Human papillomavirus in men is so common that most sexually active men will get the virus at some point. Some may be unaware they have HPV.
Most sexually active men will get human papillomavirus (HPV) sometime in their life. Often infections go away without causing any harm. Some human papillomavirus in men, however, can develop into genital warts or some forms of cancer. The Centers for Disease Control and Prevention state that getting vaccinated against HPV can help prevent these health problems.
What is human papillomavirus?
Human papillomavirus is a viral infection that’s passed from person-to-person via skin-to-skin contact. Of the more than 100 different types of HPV, 40 are passed through sexual contact. While some infections go away on their own, others can develop — months or even years later — into genital warts or cancers in men that appear on the penis, anus, back of the throat, tongue, and tonsils.
According to the Centers for Disease Control and Prevention, almost 80 million Americans are infected with the human papillomavirus, and approximately 14 million new cases occur each year.
Symptoms of human papillomavirus in men
A number of men with HPV don’t develop any symptoms. Some HPV symptoms in men, however, take the form of warts, which appear on the penis, anus, back of the throat, tongue, and tonsils.
High-risk cases of human papillomavirus in men
Some types of human papillomavirus in men can lead to cancer. According to the American Cancer Society, these forms of cancer in men with healthy immune systems are rare. Approximately 1,820 men in the United States were diagnosed with penile cancer in 2015, and fewer than 3,000 men were diagnosed with anal cancer.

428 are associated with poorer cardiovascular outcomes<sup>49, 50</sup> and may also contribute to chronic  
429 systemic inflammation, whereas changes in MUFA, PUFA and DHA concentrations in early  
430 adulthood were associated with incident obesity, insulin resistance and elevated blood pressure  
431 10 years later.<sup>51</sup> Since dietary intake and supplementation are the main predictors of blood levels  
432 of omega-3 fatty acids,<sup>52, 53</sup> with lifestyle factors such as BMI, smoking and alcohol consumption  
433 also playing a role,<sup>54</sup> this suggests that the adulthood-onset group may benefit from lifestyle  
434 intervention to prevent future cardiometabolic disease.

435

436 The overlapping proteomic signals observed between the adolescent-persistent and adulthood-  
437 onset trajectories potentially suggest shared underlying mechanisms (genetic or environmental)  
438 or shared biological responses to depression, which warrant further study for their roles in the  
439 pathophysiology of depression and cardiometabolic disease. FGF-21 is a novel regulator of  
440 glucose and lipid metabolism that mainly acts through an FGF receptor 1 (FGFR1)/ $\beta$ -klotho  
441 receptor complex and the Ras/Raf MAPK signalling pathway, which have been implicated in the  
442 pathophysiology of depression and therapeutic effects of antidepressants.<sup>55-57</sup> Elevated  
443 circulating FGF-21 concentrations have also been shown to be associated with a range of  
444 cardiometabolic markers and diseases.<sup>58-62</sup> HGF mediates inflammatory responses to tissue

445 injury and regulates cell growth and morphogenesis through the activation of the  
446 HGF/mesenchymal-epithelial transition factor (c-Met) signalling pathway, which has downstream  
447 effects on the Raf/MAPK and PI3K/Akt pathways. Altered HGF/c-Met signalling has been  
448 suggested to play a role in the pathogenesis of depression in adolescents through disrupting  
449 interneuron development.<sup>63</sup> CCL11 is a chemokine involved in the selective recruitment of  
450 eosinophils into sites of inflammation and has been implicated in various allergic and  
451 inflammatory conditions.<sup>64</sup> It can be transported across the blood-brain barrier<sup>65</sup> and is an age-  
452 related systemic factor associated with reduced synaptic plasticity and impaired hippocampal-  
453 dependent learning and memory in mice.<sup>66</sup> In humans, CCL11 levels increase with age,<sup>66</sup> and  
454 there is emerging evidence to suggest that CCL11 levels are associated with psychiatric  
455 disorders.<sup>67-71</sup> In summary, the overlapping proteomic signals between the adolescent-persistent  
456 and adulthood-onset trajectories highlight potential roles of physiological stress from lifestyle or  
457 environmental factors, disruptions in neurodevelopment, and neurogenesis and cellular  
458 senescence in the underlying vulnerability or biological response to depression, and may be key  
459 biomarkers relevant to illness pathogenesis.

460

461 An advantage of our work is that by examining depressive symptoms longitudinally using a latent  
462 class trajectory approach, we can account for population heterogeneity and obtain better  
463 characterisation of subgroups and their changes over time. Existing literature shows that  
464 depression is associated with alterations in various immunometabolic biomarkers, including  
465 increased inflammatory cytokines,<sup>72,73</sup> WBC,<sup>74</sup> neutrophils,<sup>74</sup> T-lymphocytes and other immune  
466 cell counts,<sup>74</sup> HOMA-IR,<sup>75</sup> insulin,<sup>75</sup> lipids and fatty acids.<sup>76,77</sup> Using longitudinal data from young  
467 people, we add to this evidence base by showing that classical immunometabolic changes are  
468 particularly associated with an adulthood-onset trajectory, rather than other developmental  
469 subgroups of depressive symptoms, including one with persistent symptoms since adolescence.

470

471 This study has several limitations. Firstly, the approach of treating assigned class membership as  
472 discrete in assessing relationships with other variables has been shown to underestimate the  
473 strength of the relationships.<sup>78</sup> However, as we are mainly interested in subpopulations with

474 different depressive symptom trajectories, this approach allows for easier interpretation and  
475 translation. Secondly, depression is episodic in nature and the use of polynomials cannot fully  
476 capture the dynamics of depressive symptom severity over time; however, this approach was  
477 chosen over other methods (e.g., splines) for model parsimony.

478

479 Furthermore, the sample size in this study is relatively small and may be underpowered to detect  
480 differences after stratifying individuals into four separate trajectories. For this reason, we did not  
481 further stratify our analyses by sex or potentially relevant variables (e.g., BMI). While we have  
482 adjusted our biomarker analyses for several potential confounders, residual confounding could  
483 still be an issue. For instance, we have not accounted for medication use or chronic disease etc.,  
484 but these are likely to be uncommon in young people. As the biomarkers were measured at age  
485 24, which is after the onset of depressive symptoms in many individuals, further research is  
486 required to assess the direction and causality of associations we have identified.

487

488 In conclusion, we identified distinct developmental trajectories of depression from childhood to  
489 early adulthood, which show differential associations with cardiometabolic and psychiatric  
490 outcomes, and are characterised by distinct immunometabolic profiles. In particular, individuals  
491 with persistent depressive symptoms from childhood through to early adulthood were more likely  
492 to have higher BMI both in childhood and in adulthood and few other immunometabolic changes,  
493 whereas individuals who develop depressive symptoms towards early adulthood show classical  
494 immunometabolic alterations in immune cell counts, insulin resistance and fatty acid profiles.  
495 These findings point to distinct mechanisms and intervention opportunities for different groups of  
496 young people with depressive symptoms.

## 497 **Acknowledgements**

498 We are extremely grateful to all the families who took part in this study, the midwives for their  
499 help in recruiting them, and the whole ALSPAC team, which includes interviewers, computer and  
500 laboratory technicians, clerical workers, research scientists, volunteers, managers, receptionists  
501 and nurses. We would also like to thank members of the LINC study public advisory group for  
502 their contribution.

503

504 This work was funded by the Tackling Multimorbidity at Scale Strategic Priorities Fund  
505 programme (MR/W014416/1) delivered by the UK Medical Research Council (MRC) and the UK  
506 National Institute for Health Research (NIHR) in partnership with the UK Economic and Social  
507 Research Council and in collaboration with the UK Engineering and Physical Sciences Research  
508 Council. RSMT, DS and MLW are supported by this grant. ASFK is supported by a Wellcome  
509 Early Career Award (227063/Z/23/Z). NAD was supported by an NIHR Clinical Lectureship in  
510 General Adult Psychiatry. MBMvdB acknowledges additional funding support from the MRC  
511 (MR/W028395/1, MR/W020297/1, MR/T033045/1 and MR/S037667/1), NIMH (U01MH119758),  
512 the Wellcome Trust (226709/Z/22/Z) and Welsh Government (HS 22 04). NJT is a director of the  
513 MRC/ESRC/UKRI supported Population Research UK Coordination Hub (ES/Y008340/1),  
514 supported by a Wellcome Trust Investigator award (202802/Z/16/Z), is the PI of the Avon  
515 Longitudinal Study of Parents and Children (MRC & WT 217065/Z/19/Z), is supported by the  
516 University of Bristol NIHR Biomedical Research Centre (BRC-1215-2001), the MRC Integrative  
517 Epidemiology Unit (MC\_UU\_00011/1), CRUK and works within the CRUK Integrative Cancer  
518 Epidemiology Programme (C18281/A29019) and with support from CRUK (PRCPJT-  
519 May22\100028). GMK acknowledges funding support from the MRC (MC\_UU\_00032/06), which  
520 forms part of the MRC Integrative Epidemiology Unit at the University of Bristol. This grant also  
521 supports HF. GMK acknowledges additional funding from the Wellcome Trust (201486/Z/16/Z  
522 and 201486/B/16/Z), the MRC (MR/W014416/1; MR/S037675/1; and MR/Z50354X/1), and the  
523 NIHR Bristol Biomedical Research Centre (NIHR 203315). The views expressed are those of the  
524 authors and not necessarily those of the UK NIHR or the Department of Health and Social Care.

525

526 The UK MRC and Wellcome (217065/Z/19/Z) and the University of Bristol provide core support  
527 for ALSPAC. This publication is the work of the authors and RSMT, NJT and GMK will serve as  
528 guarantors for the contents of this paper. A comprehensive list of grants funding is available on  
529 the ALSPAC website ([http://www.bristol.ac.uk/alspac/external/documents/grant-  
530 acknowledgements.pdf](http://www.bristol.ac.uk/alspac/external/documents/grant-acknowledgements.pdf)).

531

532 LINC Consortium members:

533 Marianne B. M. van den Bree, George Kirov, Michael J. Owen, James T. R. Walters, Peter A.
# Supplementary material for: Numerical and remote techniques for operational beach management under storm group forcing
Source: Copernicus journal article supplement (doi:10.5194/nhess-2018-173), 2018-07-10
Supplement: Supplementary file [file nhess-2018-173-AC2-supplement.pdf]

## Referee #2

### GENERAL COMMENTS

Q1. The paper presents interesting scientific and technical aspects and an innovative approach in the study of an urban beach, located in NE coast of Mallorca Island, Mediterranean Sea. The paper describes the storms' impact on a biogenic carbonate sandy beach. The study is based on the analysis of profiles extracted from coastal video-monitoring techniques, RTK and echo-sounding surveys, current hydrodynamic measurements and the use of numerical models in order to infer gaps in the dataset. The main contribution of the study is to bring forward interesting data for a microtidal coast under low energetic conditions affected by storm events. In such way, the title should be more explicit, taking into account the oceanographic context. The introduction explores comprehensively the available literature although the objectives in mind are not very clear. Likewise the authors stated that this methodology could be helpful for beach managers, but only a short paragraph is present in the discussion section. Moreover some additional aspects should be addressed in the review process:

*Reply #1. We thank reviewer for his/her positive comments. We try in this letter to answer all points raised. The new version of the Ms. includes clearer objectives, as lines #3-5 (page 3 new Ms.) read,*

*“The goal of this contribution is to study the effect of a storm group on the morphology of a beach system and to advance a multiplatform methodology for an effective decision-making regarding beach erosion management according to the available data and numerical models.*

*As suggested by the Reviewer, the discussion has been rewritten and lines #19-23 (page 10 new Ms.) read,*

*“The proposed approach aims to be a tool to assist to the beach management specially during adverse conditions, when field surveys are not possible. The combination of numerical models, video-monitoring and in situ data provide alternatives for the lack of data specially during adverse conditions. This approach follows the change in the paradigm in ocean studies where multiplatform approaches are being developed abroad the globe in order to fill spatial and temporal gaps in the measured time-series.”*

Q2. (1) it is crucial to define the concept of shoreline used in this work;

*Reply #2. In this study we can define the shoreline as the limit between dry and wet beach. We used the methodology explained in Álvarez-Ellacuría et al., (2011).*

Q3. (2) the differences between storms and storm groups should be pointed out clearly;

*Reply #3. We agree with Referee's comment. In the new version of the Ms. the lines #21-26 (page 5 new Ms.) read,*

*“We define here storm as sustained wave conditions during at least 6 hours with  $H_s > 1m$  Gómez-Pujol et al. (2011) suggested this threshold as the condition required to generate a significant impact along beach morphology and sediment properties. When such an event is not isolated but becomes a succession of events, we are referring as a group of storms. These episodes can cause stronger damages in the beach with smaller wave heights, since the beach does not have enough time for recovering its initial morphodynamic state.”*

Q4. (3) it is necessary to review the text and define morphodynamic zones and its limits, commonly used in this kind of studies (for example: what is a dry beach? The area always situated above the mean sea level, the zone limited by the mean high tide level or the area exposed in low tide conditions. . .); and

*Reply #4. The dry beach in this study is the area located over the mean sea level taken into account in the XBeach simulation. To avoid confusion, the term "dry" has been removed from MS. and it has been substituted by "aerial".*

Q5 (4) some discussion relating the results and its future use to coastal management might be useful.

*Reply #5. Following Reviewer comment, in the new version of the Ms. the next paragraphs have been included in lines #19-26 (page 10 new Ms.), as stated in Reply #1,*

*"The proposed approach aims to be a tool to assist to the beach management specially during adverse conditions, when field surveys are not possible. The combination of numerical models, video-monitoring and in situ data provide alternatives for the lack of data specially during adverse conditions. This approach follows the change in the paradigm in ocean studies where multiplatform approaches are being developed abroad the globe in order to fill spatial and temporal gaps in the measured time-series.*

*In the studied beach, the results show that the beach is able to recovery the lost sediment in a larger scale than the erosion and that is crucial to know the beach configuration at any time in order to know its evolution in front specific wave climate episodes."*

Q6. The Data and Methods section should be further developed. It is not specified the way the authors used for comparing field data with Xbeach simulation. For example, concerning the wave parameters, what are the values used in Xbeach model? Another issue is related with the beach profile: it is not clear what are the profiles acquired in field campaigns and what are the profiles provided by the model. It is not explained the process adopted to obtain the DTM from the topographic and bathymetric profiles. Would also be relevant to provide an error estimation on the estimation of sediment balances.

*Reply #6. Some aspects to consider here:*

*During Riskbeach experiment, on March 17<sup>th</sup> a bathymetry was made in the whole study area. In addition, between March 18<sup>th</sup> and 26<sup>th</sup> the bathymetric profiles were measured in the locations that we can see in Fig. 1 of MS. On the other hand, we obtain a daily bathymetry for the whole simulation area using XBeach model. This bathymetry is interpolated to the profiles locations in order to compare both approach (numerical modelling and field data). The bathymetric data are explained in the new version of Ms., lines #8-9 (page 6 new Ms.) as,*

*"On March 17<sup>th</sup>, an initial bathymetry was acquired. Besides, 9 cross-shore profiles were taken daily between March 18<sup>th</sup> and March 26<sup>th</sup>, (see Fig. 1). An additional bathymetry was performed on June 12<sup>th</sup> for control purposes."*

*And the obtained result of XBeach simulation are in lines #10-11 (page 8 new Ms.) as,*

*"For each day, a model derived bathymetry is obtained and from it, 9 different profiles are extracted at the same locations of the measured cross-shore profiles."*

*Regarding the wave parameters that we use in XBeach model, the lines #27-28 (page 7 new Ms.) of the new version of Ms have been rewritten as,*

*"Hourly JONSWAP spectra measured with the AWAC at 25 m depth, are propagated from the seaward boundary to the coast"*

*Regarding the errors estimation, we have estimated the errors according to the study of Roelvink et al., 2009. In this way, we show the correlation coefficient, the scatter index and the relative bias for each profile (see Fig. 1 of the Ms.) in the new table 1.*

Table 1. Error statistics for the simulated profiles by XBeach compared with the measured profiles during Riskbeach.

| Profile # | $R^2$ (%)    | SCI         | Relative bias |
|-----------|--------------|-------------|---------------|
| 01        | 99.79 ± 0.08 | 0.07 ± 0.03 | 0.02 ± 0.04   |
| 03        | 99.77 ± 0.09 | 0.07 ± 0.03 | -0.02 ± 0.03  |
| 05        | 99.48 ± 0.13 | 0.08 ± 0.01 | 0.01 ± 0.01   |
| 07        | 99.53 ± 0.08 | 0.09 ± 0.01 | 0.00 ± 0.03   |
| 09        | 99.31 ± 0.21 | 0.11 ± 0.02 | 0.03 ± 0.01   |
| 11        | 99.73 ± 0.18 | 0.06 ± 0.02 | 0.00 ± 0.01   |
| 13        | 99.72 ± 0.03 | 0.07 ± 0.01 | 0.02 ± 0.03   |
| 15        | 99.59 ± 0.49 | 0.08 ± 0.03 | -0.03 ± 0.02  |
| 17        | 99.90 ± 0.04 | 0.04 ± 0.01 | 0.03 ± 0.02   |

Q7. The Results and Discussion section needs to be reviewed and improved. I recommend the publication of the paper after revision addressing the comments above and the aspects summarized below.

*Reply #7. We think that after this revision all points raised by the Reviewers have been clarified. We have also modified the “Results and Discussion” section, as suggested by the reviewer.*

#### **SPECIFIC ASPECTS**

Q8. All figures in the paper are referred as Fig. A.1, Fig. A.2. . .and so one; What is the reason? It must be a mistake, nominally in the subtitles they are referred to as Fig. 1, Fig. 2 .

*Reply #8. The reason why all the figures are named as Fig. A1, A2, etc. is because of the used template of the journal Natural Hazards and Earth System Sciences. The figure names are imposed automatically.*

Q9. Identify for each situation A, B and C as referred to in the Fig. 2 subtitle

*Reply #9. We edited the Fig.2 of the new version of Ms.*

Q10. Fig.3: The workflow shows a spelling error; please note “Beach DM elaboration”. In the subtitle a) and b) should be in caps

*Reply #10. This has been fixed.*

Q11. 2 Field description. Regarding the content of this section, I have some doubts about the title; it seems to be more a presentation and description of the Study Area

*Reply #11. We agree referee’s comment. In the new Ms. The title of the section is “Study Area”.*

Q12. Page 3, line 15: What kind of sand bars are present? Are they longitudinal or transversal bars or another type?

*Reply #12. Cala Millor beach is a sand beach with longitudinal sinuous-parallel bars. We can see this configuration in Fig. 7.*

Risks of anal cancer are approximately 17 percent higher in sexually active gay and bisexual men. Men with HIV (human immunodeficiency virus) have a higher risk of getting anal cancer.
Men can get human papillomavirus from having vaginal, anal, or oral sex with an infected partner. Often the virus is passed from one partner to the next unknowingly.
Does HPV go away and is human papillomavirus curable?
When an HPV infection is not serious, it goes away on its own, without any treatment. Unfortunately, there’s no cure for HPV. The good news, however, is most health problems caused by human papillomavirus are treatable. Genital warts, for instance, can be treated with topical and oral medications.
If HPV-related cancers are diagnosed at an early stage, they’re often curable. Early intervention is key.
How do you prevent getting the human papillomavirus?
The best way is to get vaccinated against HPV. Doctors are recommending that children (boys and girls) get vaccinated as young as 12 years old. Physicians suggest men up until age 26 get vaccinated. Other ways to protect yourself include:
- Limiting the number of sexual partners
- Use condoms
- Avoid sexual contact with a partner if genital warts are present
HPV vaccine for men
Your doctor will administer two doses of the HPV vaccine a few months apart. HPV vaccines contain no viruses; the vaccines are made up of genetically modified bacteria that produce proteins similar to those found in human papillomavirus; the proteins are purified and mixed into a sterile, water-based solution.
HPV vaccine side effects
A few side effects may occur, such as nausea, headache, and arm pain (where the shot was administered) for a few hours, but they’re mostly mild.
“The benefits of getting the HPV vaccine far outweigh the side effects,” said Stacy Thompson, DO, FAAP. “It’s important for both boys and girls to get the vaccine because it’s effective in preventing HPV responsible for most cervical cancers and also prevents genital warts.”
September 25, 2017
Janet O’Dell, RN